The World Health Organization recommends that all healthcare workers treating people with the virus wear the surgical masks, along with gloves, goggles and gowns. Surgical masks are thought to be more effective in a clinical setting because they are accompanied by other protective equipment and stringent hygiene practices.
The masks are also frequently replaced – surgical masks are not designed to be used more than once.
N95 respirators offer more protection. Such devices are designed to prevent 95 per cent of small particles from entering the nose and mouth area. But they only work if they fit properly, and aren’t suitable for children or people with facial hair.
N95 respirators can also make it more difficult for a person to breathe, so could be dangerous for someone showing symptoms of infection of the new coronavirus, which include coughing and shortness of breath.
About Medical Gowns
Gowns are examples of personal protective equipment used in health care settings. They are used to protect the wearer from the spread of infection or illness if the wearer comes in contact with potentially infectious liquid and solid material. They may also be used to help prevent the gown wearer from transferring microorganisms that could harm vulnerable patients, such as those with weakened immune systems. Gowns are one part of an overall infection-control strategy.
A few of the many terms that have been used to refer to gowns intended for use in health care settings, include surgical gowns, isolation gowns, surgical isolation gowns, nonsurgical gowns, procedural gowns, and operating room gowns.
In 2004, the FDA recognized the consensus standard American National Standards Institute/Association of the Advancement of Medical Instrumentation (ANSI/AAMI) PB70:2003, “Liquid barrier performance and classification of protective apparel and drapes intended for use in health care facilities.” New terminology in the standard describes the barrier protection levels of gowns and other protective apparel intended for use in health care facilities and specifies test methods and performance results necessary to verify and validate that the gown provides the newly defined levels of protection:
○Level 1: Minimal risk, to be used, for example, during basic care, standard isolation, cover gown for visitors, or in a standard medical unit
○Level 2: Low risk, to be used, for example, during blood draw, suturing, in the Intensive Care Unit (ICU), or a pathology lab
○Level 3: Moderate risk, to be used, for example, during arterial blood draw, inserting an Intravenous (IV) line, in the Emergency Room, or for trauma cases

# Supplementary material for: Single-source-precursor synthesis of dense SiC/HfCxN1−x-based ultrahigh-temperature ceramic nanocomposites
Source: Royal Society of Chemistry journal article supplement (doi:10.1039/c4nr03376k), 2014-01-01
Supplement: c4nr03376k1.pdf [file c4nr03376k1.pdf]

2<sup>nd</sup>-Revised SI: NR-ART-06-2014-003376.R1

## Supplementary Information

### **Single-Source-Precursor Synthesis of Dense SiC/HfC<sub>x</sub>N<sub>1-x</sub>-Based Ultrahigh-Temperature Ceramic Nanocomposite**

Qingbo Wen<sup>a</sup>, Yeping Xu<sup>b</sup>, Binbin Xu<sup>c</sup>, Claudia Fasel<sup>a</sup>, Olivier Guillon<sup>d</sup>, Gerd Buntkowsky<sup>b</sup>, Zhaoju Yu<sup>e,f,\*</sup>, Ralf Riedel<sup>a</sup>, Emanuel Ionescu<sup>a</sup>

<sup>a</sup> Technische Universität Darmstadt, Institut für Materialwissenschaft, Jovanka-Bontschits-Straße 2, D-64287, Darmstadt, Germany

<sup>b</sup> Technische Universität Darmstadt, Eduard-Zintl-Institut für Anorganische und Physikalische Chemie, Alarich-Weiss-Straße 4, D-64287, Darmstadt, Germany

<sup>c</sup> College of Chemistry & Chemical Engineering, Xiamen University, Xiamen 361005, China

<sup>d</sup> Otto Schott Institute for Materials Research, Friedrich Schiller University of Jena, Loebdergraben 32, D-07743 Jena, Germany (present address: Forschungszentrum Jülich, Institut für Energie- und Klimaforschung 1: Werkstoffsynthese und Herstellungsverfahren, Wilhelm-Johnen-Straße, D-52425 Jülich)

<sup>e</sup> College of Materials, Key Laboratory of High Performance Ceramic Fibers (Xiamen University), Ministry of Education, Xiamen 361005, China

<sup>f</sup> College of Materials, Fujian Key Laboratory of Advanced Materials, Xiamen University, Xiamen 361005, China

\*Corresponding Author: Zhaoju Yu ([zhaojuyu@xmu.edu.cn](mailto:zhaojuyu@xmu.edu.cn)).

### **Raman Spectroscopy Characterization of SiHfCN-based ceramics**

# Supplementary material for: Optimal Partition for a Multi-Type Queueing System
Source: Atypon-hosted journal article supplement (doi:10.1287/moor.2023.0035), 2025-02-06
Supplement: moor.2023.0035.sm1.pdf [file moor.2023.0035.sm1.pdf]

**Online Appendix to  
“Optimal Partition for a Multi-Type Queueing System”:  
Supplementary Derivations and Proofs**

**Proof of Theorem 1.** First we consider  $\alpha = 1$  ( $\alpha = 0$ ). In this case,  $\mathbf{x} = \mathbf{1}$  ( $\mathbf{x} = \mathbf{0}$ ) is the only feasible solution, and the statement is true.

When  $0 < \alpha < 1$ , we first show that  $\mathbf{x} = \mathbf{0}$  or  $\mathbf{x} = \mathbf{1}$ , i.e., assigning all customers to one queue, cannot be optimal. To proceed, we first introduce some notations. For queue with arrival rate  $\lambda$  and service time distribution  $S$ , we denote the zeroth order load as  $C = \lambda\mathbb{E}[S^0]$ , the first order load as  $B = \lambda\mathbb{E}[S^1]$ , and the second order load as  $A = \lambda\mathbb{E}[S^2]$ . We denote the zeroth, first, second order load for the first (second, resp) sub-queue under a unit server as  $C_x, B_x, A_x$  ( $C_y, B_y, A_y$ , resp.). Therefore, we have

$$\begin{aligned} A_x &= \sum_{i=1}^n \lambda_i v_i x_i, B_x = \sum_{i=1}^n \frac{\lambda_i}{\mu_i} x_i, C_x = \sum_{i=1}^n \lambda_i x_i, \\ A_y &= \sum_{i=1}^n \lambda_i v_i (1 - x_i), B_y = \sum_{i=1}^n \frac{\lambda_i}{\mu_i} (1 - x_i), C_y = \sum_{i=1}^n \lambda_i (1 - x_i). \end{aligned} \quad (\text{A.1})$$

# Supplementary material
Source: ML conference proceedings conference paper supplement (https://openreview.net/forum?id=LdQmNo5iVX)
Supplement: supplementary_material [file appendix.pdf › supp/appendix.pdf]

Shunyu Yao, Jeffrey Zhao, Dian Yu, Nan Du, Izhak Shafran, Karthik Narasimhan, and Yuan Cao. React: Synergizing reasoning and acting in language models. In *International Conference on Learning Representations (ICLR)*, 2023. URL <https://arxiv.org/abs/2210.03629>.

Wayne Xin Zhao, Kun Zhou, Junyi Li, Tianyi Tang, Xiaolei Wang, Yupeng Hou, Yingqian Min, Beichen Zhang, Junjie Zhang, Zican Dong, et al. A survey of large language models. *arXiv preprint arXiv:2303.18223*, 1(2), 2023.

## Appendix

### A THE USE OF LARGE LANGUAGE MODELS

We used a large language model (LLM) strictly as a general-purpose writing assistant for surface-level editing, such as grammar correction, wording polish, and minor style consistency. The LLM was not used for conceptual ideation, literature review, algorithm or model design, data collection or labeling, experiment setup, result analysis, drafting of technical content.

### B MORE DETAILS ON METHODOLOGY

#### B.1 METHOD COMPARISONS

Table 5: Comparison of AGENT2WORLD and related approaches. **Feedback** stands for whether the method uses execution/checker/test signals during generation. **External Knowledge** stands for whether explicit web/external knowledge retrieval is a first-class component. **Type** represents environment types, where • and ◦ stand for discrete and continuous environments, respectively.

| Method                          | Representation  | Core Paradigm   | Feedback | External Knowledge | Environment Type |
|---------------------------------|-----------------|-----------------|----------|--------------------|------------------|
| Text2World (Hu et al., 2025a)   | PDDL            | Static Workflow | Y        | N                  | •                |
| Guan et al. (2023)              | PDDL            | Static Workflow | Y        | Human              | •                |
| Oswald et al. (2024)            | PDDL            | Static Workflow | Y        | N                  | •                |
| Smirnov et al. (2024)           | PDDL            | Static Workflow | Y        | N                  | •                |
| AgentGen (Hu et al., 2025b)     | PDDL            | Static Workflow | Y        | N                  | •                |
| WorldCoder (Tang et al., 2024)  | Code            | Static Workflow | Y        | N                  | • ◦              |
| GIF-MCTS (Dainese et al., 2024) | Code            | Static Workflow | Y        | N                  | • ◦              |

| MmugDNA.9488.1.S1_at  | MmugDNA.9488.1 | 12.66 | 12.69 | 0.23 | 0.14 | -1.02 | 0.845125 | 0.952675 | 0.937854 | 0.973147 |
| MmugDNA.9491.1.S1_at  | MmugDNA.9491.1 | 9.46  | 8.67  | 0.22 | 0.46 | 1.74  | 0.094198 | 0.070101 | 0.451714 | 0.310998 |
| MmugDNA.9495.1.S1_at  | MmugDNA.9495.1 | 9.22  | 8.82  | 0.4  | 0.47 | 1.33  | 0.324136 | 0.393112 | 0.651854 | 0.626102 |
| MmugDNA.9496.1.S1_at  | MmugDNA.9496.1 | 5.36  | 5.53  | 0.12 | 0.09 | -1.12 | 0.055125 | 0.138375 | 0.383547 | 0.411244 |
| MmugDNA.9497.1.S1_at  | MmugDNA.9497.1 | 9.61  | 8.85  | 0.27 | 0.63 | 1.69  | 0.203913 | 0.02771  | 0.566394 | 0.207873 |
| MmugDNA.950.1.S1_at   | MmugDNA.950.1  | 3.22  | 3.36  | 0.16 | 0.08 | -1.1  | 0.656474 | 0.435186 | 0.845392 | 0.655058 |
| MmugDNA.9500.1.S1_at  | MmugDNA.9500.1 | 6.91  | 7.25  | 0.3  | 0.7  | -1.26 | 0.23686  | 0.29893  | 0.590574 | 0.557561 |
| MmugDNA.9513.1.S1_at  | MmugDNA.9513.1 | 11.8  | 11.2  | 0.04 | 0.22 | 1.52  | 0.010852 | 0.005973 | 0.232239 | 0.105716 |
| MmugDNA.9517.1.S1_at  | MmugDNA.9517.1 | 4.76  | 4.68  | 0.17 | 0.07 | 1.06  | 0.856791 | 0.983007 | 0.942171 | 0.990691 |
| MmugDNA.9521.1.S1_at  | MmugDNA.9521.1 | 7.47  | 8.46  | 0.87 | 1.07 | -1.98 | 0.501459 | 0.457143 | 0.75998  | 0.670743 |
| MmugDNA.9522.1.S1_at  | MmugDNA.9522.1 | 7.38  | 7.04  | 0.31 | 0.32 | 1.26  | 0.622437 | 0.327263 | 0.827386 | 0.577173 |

○Level 4: High risk, to be used, for example, during long, fluid intense procedures, surgery, when pathogen resistance is needed or infectious diseases are suspected (non-airborne)
Regardless of how the product is named (that is, isolation gown, procedure gown, or cover gown), when choosing gowns, look for product labeling that describes an intended use with the desired level of protection based on the above risk levels. Product names are not standardized.
A surgical gown is regulated by the FDA as a Class II medical device that requires a 510(k) premarket notification. A surgical gown is a personal protective garment intended to be worn by health care personnel during surgical procedures to protect both the patient and health care personnel from the transfer of microorganisms, body fluids, and particulate matter. Because of the controlled nature of surgical procedures, critical zones of protection have been described by national standards. As referenced in Figure 1: the critical zones include the front of the body from top of shoulders to knees and the arms from the wrist cuff to above the elbow. Surgical gowns can be used for any risk level (Levels 1-4). All surgical gowns must be labeled as a surgical gown.
Surgical Isolation Gowns
Surgical isolation gowns are used when there is a medium to high risk of contamination and a need for larger critical zones than traditional surgical gowns. Surgical isolation gowns, like surgical gowns, are regulated by the FDA as a Class II medical device that requires a 510(k) premarket notification. As referenced in Figure 2, all areas of the surgical isolation gown except bindings, cuffs, and hems are considered critical zones of protection and must meet the highest liquid barrier protection level for which the gown is rated. All seams must have the same liquid barrier protection as the rest of the gown. Additionally, the fabric of the surgical isolation gown should cover as much of the body as is appropriate for the intended use.
Non-surgical gowns are Class I devices (exempt from premarket review) intended to protect the wearer from the transfer of microorganisms and body fluids in low or minimal risk patient isolation situations. Non-surgical gowns are not worn during surgical procedures, invasive procedures, or when there is a medium to high risk of contamination.
Like surgical isolation gowns, non-surgical gowns should also cover as much of the body as is appropriate to the task. As referenced in Figure 2, all areas of the non-surgical gownexcept bindings, cuffs, and hems are considered critical zones of protection and must meet the highest liquid barrier protection level for which the gown is rated. All seams must have the same liquid barrier protection as the rest of the gown.